Bulbring explains: “There are lots of not so nice things about Ettie. She is duplicitous, cunning and manipulative, a thief, a liar and she is driven by self-preservation. But there are two qualities that allow us to forgive her and root for her. The first is that when she loves, she loves hard and true. The second is that she is loyal to those she loves. I think we like the fact that she is discerning – she doesn’t care who likes her and likes few people in return. She is not into celebrity culture. She spends her love and loyalty frugally and doesn’t spread it around much, but when she does, she becomes incredibly vulnerable. Her love and loyalty make her behave contrary to her nature and have the power to break her. She knows this, and despite it, she allows it to happen.”

The world Bulbring paints has very little hope in it, and Bulbring shares that The Mark started off as a short story she wrote several years ago when her nine-year-old-son was tricked out of some money by a con artist while they were on holiday in Italy.

She says: “I wanted to explore the relationship between a hardened scammer and the boy who falls in love with her. The short story died, but I couldn’t forget the idea about the con artist and the boy, so I thought I would try and turn it into a book. When I thought about a setting, I realised that it would never work in South Africa, or even abroad. I had to set it in a place that didn’t exist. I needed to create a new place and a different time for them. So that’s what I did. I am also a keen recycler and gardener, and one of the things that drives me mental is the control that big corporations have over the environment and the production of food. I wanted to explore the consequences that the actions of a few greedy bastards would have on our future.”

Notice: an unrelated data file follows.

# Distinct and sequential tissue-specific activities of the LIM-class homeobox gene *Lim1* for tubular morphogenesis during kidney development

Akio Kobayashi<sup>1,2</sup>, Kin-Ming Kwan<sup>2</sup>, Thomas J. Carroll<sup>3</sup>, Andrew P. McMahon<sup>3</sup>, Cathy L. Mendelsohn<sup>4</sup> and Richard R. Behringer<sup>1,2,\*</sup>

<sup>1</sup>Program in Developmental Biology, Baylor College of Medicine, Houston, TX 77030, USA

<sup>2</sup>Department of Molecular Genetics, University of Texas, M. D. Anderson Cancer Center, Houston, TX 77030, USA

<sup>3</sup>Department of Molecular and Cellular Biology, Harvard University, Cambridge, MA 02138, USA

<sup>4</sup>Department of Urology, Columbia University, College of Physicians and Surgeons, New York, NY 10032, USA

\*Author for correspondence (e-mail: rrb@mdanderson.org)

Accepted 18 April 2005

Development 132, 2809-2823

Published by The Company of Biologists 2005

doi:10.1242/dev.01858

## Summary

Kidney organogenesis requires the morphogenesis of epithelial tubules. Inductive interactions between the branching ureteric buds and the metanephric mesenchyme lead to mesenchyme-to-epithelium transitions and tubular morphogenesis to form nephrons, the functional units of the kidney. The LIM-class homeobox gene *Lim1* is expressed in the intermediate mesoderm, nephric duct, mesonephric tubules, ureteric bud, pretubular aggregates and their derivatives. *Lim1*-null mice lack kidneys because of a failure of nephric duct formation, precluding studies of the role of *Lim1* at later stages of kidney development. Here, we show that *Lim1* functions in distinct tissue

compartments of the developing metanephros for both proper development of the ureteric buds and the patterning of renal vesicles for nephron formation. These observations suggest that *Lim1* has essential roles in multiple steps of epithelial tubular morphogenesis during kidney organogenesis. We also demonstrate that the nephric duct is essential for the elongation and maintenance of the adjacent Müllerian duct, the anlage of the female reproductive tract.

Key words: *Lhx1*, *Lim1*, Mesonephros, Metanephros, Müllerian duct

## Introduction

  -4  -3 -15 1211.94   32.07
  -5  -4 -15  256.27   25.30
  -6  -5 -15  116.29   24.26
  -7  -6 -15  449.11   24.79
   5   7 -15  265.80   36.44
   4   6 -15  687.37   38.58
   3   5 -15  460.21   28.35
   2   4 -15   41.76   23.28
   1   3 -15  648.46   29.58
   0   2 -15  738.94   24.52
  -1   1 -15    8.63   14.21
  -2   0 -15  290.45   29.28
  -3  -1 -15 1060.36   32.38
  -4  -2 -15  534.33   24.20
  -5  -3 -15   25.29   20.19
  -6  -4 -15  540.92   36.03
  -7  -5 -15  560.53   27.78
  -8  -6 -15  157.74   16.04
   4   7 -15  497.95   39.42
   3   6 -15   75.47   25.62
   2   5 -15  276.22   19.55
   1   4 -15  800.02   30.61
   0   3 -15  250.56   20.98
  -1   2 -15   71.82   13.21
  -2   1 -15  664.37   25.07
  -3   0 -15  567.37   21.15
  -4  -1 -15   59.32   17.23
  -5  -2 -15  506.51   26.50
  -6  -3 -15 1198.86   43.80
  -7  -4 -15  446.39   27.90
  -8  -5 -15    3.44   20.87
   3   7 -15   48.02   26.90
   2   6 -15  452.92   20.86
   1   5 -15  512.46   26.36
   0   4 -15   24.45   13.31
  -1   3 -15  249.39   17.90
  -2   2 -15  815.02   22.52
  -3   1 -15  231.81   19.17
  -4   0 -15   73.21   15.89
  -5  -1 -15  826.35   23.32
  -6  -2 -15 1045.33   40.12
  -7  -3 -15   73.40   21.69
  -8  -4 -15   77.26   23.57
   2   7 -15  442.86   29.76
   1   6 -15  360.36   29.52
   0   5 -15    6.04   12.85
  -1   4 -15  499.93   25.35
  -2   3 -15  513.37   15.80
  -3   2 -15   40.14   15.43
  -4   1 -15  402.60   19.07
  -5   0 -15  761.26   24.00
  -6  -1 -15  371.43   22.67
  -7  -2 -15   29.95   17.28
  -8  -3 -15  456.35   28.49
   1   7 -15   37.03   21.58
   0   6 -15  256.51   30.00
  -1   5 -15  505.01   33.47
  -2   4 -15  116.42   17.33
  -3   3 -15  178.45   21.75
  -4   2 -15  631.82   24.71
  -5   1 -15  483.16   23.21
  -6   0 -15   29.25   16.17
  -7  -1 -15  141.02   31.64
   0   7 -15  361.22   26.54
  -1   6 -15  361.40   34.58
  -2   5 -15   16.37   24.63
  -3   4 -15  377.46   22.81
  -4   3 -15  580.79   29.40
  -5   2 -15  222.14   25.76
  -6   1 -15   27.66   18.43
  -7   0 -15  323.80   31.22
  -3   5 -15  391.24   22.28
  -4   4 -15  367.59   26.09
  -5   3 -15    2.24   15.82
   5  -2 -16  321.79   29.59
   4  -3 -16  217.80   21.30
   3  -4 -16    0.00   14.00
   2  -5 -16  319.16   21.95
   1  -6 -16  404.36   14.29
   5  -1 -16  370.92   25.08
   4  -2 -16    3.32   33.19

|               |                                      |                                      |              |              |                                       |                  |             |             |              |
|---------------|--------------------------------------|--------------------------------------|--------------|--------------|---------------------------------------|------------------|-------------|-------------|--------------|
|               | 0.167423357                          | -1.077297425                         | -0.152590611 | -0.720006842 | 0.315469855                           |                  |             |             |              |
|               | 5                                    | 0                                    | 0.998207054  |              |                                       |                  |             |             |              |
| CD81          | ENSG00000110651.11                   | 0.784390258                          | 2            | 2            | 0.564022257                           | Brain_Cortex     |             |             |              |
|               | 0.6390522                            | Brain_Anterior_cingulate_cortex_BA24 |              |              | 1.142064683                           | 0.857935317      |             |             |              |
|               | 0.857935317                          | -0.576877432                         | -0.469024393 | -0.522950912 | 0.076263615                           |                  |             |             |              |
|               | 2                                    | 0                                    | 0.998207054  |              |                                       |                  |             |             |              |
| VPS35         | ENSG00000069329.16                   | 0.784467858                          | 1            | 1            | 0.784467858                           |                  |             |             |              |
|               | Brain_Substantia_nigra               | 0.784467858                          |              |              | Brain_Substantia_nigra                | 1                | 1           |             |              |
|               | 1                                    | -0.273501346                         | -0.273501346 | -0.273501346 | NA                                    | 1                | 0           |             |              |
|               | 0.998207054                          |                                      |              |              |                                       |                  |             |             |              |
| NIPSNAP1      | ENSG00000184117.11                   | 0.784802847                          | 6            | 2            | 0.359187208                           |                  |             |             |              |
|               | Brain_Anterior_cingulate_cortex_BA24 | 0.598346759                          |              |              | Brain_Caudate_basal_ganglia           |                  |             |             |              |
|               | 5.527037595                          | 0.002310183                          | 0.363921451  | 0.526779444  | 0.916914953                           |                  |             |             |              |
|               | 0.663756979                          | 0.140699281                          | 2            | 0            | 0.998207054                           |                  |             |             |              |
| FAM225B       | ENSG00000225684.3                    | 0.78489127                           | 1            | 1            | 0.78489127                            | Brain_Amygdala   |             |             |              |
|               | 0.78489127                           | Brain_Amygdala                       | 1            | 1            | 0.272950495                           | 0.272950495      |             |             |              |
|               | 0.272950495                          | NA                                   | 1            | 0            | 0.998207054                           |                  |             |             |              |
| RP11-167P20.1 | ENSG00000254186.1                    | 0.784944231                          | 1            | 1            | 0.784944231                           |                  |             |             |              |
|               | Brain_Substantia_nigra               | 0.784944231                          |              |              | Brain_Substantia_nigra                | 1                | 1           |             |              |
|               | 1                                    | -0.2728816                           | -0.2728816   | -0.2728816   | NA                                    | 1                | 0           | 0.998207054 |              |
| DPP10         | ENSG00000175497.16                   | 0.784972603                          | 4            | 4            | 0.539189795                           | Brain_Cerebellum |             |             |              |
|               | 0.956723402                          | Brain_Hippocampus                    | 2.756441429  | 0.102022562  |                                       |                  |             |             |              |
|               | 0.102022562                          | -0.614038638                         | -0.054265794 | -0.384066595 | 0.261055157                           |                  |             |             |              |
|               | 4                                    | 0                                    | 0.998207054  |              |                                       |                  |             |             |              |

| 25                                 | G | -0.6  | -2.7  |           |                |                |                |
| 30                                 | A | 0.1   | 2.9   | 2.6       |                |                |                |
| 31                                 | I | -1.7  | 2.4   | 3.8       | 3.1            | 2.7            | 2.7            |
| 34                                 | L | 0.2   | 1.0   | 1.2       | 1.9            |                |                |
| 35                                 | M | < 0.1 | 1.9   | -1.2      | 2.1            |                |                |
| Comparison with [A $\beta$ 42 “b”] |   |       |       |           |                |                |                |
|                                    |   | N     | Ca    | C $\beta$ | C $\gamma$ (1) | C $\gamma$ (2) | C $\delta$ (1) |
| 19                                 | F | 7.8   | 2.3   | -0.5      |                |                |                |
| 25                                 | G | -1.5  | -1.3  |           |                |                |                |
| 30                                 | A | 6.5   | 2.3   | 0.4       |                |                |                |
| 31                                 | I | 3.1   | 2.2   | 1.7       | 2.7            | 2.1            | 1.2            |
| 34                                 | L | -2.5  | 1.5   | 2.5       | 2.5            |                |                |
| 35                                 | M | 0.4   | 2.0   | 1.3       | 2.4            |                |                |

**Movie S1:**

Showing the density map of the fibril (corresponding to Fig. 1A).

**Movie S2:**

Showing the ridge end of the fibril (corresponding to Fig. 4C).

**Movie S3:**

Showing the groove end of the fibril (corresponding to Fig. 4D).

There are few other survivors in this future, but hadedas are a remnant from the past, and add a touch of magical realism to what might otherwise be straight SF. Bulbring concludes: “The Mark is set some 250 years after a time when the world blew up and cut the face of the moon in half. Very little survived apart from fleas and rats and, of course, cockroaches. Except I love birds, especially hadedas, which are prehistoric looking, extremely deceptive in that they are ungainly and ugly, except up close they are quite extraordinarily beautiful. The sound they make (like strangled vuvuzelas) when they circle above my house and wake me every morning, makes me feel glad to be alive. In The Mark, the muti nags takes the eyes out of the hadeda chicks so that they have a second sight. I chose them to the blind tellers of the prophecy because if there is one bird I imagined surviving a conflagration, it would be the hadeda. They look a billion years old and as if they are set to last another billion.”